# Finding the limit .

Consider $f$ is differentiable,

$$\lim_{n\to \infty} \frac{1}{n^2} \sum_{k=1}^n \frac{f(a+\frac{k}{n^2}) -f(a)}{\frac{k}{n^2}}$$ . My idea was , Since $f$ is differentiable each term in the sum exists $\forall n$ , hence say $M$ be the max so we have

$$\lim_{n\to \infty} \frac{1}{n^2} n.|M|$$ Hence the limit is $0$. Can you guys help me out .

-
Is it not $\int_a^af'(a)\,dx$?? – Jp McCarthy Dec 2 '13 at 13:35
@JpMcCarthy : It looks like that , but can you give a slight explanation how we can deduce the expression using rieman sum . – Complex analysis Dec 2 '13 at 13:39
No I cannot to be honest with you --- I would have to play a bit fast and loose... looking below I see a proper answer and that it should have been $\displaystyle \frac1n \int_a^af'(a)\,dx$ perhaps. – Jp McCarthy Dec 2 '13 at 13:53

Because $f$ is differentiable, there limit $$\frac{f(a+t)-f(a)}{t}$$ exists and is equal to $f'(a)$. Thus, there is a value $t_0$ such that for $t < t_0$ it holds that $\frac{f(a+t)-f(a)}{t} \in (f'(a)-1,f'(a)+1)$. In any case, for sufficiently small $t$, $|\frac{f(a+t)-f(a)}{t}| < |f'(a)|+1$. On the other hand, if you select $F:= \max_{a\leq x \leq x+1} |f(x)|$ then for $t_0 < t < 1$ you have $|\frac{f(a+t)-f(a)}{t}| < F/t_0$. If $M = \max(|f'(a)|+1,F/t_0)$, then $|\frac{f(a+t)-f(a)}{t}| < M$ for all $t \leq 1$.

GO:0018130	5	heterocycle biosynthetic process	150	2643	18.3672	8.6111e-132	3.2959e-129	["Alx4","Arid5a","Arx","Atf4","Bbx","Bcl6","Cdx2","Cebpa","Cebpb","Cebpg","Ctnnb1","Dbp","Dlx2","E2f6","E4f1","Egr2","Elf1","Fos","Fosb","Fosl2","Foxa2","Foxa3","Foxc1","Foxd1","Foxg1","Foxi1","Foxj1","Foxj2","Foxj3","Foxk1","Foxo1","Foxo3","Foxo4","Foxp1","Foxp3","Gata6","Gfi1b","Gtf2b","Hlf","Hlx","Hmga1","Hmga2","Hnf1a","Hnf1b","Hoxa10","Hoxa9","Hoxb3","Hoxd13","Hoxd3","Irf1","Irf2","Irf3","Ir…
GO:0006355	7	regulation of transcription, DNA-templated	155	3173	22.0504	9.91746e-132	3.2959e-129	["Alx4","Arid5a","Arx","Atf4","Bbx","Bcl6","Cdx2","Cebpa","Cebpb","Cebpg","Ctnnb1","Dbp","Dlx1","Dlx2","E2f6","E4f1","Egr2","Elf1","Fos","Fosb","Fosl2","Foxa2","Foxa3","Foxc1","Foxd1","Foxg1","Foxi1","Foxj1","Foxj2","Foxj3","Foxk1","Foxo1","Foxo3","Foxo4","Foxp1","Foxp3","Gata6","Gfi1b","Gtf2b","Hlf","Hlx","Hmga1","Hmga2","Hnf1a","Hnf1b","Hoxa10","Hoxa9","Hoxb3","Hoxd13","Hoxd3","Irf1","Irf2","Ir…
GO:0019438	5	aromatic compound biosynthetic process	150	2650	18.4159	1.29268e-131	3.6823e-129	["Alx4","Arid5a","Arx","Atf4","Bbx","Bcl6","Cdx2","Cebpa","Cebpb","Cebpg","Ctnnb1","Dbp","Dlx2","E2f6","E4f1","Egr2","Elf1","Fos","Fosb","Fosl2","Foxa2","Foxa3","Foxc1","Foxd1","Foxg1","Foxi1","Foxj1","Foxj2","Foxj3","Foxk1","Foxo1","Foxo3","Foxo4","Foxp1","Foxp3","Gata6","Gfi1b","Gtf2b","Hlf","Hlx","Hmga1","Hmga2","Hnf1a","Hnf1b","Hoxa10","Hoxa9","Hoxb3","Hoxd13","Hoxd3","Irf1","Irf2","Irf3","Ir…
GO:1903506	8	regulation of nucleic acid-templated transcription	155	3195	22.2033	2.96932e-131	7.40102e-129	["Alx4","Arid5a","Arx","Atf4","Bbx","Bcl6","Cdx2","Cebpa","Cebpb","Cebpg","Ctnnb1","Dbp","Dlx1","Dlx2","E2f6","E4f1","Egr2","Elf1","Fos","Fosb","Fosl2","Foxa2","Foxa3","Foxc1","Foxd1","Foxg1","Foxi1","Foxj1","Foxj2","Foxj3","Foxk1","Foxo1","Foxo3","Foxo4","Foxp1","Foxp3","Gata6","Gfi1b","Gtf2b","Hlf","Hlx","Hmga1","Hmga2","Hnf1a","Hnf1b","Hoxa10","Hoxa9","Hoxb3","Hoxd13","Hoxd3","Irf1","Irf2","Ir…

Applying this to the sum in question, we get

$$\sum_{k=1}^n \frac{f(a+\frac{k}{n^2}) -f(a)}{\frac{k}{n^2}} < n M.$$ Thus, $$\lim_{n\to \infty} \frac{1}{n^2} \sum_{k=1}^n \frac{f(a+\frac{k}{n^2}) -f(a)}{\frac{k}{n^2}} \leq \lim_{n\to \infty}\frac{M}{n} =0.$$

-

Note that, since f is differentiable, then we can approximate (when $n$ is large ) as

$$f(a+\frac{k}{n^2})\sim f(a)+f'(a)\frac{k}{n^2}.$$

Now, we have

$$\frac{1}{n^2} \sum_{k=1}^n \frac{f(a+\frac{k}{n^2}) -f(a)}{\frac{k}{n^2}} \sim \frac{1}{n^2} \sum_{k=1}^n \frac{(f(a)+f'(a)\frac{k}{n^2})) -f(a)}{\frac{k}{n^2}}$$

$$=\frac{f'(a)}{n^2}\sum_{k=1}^{n}1=\frac{f'(a)}{n^2}n=\frac{f'(a)}{n}\longrightarrow_{n\to \infty} 0.$$

-

Maybe you could use $\frac{f(a+\frac{k}{n^2})-f(a)}{\frac{k}{n^2}} = f'(\xi)$ where $\xi\in (a, a+\frac{k}{n^2})$

So $\frac{1}{n^2}\sum\limits_{k=1}^n\frac{f(a+\frac{k}{n^2})-f(a)}{\frac{k}{n^2}} = \frac{1}{n^2}\sum\limits_{k=1}^nf'(\xi_k) \sim \frac{f'(a)}{n} \sim 0$

-
So that means the limit is $0$ right ? – Complex analysis Dec 2 '13 at 13:40
@Complexanalysis, I got 0 as an answer – tenpercent Dec 2 '13 at 13:45